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The Entangled Relations of Humans and Nile Crocodiles in Africa, c.1840-1992

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The nature of European explorers' and hunters' perceptions of the wildlife they encountered during their travels, and how this shaped their responses to it, has been surprisingly little studied. This may in part be because of the wealth of primary material and the dearth of secondary sources. Animal studies has come of age in recent decades, with a focus on how humans have conceptualised and related to animals, but much of this new field concerns domesticated or captive animals and has tended towards philosophical, political and theoretical approaches. Yet there is much to be gained from a historical exploration of the abundant sources on Europeans' encounter with wildlife, notably during the height of colonial exploration and adventuring in Africa. This review focuses on the Nile crocodile (Crocodylus niloticus) in Africa. Crocodiles had a major impact on European travellers, elicited extreme reactions and reveal an irrational difference in attitudes to large mammalian predators, as opposed to reptilian. The oft-repeated statement that Nile crocodiles kill more humans and are more hated than any other predator (or even, all other predators) in Africa is still current. The expansion of human settlement and activities into the habitats of crocodiles and increasing demands on water supplies is resulting in escalating conflicts and some experts regard crocodiles as a 'growing threat to rural livelihoods and development'. If these important apex predators of the continent's waterways are to be conserved, then a good place to start then a good place to start is with an exploration of the long history of human-crocodile interactions that have shaped expert and public perceptions of crocodiles.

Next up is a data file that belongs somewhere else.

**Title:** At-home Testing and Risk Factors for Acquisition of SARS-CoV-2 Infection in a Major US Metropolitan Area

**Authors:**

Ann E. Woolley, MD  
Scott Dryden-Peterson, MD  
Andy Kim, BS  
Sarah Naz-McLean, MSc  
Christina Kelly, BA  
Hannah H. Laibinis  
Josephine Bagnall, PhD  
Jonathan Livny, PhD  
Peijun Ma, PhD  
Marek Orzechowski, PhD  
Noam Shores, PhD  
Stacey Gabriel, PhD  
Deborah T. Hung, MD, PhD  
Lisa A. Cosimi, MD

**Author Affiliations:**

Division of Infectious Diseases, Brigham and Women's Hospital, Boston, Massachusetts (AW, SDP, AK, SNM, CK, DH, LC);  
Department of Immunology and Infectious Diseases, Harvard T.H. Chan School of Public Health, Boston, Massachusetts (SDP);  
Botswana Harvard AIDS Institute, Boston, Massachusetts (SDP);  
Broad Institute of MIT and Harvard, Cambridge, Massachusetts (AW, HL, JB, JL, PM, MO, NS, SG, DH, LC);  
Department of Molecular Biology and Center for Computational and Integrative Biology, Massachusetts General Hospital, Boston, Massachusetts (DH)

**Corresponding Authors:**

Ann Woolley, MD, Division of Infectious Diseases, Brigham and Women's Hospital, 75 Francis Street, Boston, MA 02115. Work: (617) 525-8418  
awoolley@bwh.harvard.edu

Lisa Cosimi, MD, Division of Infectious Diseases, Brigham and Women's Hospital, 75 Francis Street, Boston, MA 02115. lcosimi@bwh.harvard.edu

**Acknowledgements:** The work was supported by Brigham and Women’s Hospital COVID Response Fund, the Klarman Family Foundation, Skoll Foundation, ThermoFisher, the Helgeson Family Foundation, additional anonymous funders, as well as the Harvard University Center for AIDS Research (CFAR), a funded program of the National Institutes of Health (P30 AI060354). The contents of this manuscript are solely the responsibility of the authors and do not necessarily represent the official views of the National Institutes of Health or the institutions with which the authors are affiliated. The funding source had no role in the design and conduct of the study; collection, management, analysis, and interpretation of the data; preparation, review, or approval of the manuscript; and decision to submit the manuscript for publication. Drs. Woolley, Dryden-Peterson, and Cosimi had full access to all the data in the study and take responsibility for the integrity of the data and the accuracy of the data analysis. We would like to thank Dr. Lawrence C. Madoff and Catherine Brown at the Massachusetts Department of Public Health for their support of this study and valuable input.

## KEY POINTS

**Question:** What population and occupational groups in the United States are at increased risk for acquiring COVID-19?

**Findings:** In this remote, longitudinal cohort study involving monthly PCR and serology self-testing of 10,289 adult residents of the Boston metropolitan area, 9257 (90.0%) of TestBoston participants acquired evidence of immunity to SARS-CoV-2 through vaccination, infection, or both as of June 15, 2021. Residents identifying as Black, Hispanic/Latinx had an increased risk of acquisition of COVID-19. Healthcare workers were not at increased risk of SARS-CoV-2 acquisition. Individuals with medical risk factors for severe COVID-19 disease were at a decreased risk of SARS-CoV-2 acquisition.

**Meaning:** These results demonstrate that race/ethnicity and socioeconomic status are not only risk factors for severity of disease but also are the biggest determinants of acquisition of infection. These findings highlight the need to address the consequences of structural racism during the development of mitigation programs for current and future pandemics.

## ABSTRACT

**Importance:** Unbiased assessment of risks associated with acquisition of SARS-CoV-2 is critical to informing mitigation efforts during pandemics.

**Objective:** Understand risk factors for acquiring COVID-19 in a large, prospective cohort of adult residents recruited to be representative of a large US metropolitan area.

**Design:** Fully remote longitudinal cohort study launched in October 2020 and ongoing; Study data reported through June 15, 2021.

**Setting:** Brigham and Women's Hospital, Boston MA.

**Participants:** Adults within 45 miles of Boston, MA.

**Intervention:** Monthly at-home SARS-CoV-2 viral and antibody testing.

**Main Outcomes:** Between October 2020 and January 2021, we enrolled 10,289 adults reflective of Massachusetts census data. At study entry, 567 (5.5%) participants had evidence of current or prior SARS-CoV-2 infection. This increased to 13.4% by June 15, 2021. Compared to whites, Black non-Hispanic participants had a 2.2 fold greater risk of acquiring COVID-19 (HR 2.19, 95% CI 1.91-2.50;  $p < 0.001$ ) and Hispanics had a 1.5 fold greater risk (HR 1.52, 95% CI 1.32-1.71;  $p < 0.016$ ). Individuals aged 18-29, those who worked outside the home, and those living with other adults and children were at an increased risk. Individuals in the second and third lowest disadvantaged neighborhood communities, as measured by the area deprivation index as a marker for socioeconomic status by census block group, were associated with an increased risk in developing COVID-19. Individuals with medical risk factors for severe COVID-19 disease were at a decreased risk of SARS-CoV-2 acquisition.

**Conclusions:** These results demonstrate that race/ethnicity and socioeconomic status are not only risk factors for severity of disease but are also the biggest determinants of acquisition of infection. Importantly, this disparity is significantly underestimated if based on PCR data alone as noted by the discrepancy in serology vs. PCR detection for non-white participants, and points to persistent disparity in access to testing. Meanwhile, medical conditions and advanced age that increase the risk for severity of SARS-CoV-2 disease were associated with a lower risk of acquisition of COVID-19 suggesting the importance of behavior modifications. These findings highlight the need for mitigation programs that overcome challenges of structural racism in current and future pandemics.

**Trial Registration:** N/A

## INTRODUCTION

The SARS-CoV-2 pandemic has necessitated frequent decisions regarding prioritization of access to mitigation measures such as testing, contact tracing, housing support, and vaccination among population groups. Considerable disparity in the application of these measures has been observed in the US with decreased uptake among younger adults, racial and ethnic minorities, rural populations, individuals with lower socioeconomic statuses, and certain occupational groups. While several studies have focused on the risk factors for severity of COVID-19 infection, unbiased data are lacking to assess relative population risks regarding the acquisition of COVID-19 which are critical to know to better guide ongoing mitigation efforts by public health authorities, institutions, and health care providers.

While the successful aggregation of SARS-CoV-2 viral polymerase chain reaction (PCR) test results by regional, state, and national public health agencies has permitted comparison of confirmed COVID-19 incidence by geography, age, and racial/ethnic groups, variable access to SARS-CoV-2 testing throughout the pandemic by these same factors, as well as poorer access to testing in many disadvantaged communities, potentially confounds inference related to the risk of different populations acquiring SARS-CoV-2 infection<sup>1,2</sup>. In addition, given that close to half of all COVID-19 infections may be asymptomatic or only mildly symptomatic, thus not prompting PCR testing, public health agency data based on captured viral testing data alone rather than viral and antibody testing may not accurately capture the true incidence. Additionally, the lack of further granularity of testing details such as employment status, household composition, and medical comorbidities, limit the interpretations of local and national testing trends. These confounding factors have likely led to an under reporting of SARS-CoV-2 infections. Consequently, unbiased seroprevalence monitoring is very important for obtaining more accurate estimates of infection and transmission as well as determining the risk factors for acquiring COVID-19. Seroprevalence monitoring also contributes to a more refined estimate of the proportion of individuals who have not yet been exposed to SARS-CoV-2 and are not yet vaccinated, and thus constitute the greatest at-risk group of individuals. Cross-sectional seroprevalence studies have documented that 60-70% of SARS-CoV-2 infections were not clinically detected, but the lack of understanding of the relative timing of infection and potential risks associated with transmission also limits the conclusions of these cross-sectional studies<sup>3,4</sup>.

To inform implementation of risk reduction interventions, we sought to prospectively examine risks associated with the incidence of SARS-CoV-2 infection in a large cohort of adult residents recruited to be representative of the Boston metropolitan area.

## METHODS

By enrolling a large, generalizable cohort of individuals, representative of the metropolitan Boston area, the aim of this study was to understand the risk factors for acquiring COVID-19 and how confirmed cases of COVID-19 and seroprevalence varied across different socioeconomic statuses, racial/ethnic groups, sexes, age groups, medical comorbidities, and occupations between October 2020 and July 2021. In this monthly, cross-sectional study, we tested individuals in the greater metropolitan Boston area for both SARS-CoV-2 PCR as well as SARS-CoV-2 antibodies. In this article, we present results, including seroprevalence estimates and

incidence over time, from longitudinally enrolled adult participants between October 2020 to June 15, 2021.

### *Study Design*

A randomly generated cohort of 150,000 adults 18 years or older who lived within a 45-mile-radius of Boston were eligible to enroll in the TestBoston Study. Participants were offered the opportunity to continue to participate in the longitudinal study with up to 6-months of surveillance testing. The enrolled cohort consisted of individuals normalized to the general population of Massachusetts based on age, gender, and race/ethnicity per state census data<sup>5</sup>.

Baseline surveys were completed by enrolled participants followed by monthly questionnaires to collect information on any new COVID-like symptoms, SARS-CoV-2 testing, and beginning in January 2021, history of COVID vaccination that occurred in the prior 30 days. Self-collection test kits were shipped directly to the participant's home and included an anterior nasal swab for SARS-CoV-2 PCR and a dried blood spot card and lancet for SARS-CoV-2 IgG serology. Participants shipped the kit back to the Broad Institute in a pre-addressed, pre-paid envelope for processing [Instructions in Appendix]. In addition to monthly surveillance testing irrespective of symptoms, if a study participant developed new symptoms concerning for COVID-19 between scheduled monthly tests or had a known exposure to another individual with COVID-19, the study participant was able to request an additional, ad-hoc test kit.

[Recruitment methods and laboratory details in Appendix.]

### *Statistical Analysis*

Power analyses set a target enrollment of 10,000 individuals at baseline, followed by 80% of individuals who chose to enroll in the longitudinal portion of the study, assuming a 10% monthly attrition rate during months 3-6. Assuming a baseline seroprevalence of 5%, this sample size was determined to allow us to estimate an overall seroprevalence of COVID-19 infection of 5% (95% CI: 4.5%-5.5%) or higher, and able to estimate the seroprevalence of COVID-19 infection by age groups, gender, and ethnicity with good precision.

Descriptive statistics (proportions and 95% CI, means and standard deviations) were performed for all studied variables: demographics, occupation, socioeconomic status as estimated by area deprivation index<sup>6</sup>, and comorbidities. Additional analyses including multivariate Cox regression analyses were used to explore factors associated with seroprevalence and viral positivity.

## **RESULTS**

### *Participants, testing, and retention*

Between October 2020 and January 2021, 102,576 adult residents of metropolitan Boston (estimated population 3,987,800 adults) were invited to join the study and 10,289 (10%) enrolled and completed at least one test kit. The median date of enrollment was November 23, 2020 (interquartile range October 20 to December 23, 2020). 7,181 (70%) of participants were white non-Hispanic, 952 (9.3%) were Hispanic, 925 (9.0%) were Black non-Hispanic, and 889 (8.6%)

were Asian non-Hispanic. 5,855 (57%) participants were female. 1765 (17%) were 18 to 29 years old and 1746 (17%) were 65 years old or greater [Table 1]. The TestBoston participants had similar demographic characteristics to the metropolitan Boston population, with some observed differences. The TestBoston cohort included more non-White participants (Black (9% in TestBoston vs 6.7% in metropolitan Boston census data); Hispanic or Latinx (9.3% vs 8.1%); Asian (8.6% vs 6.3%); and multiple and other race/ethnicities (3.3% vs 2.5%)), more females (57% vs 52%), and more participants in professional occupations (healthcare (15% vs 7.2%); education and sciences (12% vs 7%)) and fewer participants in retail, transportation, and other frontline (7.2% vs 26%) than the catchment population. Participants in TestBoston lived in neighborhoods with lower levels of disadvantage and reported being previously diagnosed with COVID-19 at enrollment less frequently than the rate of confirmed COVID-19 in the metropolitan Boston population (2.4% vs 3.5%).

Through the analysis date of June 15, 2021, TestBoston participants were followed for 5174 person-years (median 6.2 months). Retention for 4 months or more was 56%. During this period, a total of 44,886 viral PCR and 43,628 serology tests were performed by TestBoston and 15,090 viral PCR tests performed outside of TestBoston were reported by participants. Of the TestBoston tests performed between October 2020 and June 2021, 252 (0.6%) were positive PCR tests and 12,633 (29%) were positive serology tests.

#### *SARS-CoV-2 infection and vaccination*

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Keywords: Africa; Nile crocodile; colonial exploration; human animal conflict; hunting; natural history; wildlife

Document Type: Research Article

Publication date: August 1, 2016

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  • Environment and History is an interdisciplinary journal which aims to bring scholars in the humanities and biological sciences closer together, with the deliberate intention of constructing long and well-founded perspectives on present day environmental problems.

    Environment and History has a Journal Impact Factor (2018) of 0.800. 5 Year Impact Factor: 0.918.
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